by Susan Gosselin, of Vest Advertising
As an agency that works primarily with healthcare clients, I think we can say with some authority, healthcare communications has always been about increasing the bottom line. That's not to say that healthcare organizations are trying to get people to get unnecessary services. But they do want to make sure that everyone who could possibly use their services knows about them, and gets those health-boosting services from them...not the other guy. Money out for communications<Money in for procedures/visits/tests. It's a pretty simple formula. But when healthcare reform starts setting reimbursement levels based on patient outcomes around 2014, and premium paying patients are forced to become educated healthcare consumers, that "come here we're the best" message isn't going to be enough anymore. What now? We take our shot at prognosticating, here.
1) The answers will be the same. The questions will just be different.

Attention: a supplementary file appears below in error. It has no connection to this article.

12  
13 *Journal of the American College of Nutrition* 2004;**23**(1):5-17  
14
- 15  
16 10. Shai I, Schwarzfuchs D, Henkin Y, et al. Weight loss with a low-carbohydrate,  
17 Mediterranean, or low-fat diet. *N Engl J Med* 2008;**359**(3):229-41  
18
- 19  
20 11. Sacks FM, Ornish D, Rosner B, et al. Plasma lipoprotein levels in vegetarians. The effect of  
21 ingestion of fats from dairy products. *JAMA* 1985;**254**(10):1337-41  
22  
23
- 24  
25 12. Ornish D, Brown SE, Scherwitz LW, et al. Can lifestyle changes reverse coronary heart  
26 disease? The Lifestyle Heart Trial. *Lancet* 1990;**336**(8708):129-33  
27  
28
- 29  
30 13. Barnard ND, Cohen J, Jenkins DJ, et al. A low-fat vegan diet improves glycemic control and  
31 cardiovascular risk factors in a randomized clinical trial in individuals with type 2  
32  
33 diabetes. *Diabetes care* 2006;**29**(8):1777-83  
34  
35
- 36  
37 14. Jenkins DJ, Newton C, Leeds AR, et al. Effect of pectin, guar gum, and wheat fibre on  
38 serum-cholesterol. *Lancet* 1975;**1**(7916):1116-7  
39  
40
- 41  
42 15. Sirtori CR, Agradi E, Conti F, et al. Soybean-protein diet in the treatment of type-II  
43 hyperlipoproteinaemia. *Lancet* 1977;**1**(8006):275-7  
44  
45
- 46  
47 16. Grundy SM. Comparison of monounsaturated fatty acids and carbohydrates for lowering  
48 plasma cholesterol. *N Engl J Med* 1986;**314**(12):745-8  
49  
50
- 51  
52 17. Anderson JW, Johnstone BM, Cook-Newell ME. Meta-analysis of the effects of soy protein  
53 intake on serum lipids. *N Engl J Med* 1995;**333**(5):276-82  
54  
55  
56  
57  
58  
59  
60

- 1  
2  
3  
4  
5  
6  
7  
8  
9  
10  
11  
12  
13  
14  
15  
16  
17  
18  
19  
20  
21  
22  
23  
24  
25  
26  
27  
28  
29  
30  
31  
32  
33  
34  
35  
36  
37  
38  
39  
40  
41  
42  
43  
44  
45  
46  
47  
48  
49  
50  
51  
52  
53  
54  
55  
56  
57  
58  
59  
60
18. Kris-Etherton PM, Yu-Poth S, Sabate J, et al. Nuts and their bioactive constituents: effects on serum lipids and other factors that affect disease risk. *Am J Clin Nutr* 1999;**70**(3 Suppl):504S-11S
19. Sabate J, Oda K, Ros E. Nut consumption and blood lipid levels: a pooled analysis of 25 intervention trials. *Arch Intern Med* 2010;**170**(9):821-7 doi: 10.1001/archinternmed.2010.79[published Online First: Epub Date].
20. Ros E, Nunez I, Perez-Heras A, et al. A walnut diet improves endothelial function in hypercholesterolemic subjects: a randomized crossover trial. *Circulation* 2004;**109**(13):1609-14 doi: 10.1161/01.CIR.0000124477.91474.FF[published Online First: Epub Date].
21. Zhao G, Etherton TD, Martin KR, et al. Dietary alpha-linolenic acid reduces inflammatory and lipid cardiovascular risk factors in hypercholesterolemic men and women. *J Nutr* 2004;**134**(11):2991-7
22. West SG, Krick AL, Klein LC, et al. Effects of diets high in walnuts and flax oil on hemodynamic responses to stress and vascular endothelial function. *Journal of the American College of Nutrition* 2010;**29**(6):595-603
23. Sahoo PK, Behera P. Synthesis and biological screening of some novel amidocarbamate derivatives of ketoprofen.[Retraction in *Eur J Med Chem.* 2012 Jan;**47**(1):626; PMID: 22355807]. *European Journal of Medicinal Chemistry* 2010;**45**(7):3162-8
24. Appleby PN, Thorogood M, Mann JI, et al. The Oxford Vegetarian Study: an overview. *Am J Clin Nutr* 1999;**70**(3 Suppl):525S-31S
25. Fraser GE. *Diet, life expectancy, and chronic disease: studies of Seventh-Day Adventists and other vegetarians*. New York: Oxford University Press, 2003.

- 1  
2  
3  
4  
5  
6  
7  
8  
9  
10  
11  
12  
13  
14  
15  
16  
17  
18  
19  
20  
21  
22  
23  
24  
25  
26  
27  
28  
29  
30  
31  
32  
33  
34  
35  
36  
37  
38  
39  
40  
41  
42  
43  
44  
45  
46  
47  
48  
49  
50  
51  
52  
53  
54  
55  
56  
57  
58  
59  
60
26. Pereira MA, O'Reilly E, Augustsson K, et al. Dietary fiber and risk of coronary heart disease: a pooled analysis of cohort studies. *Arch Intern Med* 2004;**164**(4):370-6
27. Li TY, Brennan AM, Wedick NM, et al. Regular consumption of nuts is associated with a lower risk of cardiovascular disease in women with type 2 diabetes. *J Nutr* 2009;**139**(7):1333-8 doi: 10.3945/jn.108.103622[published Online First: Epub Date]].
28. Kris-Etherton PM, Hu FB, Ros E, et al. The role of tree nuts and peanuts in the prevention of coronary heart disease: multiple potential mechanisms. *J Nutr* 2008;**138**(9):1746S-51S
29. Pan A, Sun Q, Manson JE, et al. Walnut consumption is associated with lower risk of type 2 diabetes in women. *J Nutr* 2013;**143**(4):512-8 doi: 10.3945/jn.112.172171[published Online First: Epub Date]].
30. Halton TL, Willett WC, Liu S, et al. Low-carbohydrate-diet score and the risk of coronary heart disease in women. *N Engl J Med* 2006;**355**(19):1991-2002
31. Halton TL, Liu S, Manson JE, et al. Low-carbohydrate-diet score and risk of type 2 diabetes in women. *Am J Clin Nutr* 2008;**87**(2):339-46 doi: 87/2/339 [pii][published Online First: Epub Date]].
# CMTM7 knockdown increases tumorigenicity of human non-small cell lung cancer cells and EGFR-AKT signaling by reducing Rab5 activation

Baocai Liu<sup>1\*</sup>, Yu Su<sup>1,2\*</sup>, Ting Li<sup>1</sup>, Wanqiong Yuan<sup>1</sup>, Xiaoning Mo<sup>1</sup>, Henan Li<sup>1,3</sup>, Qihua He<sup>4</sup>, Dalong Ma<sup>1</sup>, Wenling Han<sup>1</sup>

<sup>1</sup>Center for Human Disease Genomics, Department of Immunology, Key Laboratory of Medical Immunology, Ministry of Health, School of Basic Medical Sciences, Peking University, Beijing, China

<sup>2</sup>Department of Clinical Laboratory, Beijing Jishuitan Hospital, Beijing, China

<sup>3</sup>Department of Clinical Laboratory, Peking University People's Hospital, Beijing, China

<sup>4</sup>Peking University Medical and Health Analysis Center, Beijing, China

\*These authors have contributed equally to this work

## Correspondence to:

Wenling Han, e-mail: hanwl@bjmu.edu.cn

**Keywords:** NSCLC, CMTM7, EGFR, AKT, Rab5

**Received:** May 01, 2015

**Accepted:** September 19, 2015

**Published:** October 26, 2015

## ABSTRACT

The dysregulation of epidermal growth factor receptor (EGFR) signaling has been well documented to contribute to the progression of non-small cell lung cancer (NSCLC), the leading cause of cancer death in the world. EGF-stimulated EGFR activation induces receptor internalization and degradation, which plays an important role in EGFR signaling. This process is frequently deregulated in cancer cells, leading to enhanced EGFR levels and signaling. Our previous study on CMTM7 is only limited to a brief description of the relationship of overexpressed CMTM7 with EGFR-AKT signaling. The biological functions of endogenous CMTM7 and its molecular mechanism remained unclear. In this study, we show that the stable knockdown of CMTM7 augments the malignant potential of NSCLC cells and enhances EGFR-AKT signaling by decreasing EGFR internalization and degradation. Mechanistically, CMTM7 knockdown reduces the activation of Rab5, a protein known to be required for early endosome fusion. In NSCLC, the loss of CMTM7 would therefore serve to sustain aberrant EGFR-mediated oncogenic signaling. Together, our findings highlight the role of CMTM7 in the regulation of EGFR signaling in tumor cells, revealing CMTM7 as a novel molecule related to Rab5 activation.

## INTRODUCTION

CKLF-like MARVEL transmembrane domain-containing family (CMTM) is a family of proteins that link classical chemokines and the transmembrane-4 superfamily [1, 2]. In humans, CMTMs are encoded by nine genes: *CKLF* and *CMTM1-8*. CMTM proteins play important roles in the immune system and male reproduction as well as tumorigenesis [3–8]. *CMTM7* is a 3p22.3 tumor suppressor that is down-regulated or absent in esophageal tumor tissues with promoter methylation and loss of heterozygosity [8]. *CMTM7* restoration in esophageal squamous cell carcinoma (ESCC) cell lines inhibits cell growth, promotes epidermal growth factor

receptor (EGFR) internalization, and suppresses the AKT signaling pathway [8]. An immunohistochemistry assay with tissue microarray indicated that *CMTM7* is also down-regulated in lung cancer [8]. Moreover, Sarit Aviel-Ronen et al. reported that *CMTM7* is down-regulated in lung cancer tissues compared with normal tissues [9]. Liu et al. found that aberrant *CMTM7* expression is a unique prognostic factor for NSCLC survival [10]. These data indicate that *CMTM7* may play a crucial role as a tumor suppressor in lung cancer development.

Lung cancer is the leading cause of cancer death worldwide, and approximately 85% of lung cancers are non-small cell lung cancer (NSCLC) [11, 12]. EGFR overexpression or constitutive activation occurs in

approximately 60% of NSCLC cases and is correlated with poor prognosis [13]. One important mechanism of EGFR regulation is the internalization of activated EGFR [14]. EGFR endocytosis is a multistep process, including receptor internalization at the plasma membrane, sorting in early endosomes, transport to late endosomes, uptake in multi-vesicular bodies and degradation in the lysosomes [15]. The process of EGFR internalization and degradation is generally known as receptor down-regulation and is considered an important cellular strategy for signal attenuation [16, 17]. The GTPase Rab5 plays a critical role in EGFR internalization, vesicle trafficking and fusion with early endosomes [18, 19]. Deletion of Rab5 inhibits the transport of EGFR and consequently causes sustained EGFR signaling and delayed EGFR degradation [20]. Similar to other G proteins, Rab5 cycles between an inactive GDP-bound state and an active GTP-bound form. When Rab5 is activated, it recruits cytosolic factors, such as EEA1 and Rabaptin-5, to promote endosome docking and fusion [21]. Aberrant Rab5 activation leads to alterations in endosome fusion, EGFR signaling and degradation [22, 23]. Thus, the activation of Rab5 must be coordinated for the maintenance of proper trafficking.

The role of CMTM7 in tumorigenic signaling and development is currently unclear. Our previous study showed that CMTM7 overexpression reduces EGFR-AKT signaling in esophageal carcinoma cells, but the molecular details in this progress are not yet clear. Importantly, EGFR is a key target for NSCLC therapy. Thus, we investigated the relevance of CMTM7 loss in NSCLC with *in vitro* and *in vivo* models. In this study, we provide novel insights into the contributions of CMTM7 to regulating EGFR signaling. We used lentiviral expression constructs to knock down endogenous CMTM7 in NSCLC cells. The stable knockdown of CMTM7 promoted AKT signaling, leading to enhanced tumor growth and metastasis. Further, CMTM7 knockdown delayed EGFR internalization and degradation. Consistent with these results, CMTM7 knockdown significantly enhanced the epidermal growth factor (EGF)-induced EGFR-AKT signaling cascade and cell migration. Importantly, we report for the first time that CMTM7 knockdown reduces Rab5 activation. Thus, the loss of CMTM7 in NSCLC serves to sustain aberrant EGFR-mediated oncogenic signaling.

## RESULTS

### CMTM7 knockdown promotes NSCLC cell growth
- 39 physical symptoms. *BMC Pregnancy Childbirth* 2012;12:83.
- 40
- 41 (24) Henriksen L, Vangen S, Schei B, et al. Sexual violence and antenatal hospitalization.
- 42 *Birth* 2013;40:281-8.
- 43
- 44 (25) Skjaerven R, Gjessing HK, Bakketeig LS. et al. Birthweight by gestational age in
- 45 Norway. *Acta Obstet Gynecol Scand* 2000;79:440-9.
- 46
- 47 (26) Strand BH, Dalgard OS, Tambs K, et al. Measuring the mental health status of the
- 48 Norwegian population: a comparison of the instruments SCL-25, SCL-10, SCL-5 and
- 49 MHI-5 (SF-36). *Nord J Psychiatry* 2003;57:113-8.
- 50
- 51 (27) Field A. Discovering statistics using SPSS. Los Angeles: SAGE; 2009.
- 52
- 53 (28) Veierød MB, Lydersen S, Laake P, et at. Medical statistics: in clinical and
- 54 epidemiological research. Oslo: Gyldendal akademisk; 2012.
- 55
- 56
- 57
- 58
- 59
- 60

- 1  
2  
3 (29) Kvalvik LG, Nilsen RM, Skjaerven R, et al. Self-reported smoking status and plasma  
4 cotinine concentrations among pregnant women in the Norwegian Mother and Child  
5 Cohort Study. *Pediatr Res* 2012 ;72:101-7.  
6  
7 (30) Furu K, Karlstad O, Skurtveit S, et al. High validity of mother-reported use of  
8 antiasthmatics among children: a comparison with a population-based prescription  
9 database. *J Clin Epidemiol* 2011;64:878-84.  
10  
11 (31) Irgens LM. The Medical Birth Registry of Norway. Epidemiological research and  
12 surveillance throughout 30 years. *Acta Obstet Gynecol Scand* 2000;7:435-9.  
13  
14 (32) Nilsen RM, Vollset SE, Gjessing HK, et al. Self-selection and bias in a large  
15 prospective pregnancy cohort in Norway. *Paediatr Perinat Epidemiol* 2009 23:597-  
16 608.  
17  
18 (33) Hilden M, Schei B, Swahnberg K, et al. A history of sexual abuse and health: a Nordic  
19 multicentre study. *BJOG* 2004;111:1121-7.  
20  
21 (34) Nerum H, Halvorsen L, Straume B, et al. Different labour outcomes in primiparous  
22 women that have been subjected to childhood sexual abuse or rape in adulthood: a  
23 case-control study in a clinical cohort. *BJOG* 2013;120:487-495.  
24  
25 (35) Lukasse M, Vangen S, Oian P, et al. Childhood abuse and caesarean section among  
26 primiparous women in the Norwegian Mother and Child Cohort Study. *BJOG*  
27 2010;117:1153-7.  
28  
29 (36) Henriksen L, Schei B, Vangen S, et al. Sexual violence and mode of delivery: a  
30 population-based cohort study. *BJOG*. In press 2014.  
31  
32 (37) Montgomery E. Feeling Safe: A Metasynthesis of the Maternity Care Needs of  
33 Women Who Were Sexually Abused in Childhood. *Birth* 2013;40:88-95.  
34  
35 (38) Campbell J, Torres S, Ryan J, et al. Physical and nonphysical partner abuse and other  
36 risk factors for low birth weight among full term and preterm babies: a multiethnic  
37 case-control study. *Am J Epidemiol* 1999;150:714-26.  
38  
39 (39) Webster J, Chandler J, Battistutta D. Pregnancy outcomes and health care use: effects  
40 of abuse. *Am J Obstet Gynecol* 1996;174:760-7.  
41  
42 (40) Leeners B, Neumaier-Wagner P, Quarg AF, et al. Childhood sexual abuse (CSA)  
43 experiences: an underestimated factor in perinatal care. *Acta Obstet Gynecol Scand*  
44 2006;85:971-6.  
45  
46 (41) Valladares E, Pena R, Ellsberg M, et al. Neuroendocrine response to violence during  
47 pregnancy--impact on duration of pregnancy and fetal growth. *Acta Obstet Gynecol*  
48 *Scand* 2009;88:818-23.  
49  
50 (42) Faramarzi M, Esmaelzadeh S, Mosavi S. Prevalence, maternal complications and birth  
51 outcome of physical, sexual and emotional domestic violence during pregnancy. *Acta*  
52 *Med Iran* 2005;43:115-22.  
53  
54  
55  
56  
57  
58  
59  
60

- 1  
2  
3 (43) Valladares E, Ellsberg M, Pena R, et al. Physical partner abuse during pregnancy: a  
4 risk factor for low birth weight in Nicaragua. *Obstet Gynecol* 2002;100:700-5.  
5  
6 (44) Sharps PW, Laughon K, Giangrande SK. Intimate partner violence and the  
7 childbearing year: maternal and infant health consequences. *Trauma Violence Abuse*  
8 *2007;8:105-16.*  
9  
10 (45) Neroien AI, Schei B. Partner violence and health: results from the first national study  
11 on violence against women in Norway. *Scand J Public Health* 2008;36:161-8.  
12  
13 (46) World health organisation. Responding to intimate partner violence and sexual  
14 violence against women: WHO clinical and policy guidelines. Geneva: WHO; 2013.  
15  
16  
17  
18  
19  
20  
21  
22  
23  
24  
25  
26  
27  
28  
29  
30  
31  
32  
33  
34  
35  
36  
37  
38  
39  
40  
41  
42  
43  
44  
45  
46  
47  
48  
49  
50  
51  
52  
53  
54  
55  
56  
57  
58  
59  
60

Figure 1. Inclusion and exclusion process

Today, when we start a campaign, we ask "how can we help drive growth at this institution?"...more people in the beds who saw our billboard, more people at our health fair converting into patients, more patients coming in for tests after getting one of our mailers. It's a wonderful, but disconnected strategy. In the future, we will be asking "How can we improve patient compliance?" How can you get that teenage diabetic to take their insulin injections at the right time, which will keep her out of your surgical suite in 15 years. How do you keep that elderly heart patient taking his medicines, eating right, and exercising, so he won't come back to your emergency room with chest pains in three months. The financial rewards for this will come when Medicare doesn't lower your overall reimbursement levels because you have too much recidivism at your hospital or practice. The outcome will still be a healthy bottom line, and even improved patient loyalty, but the route to those goals will take us all in a completely different direction.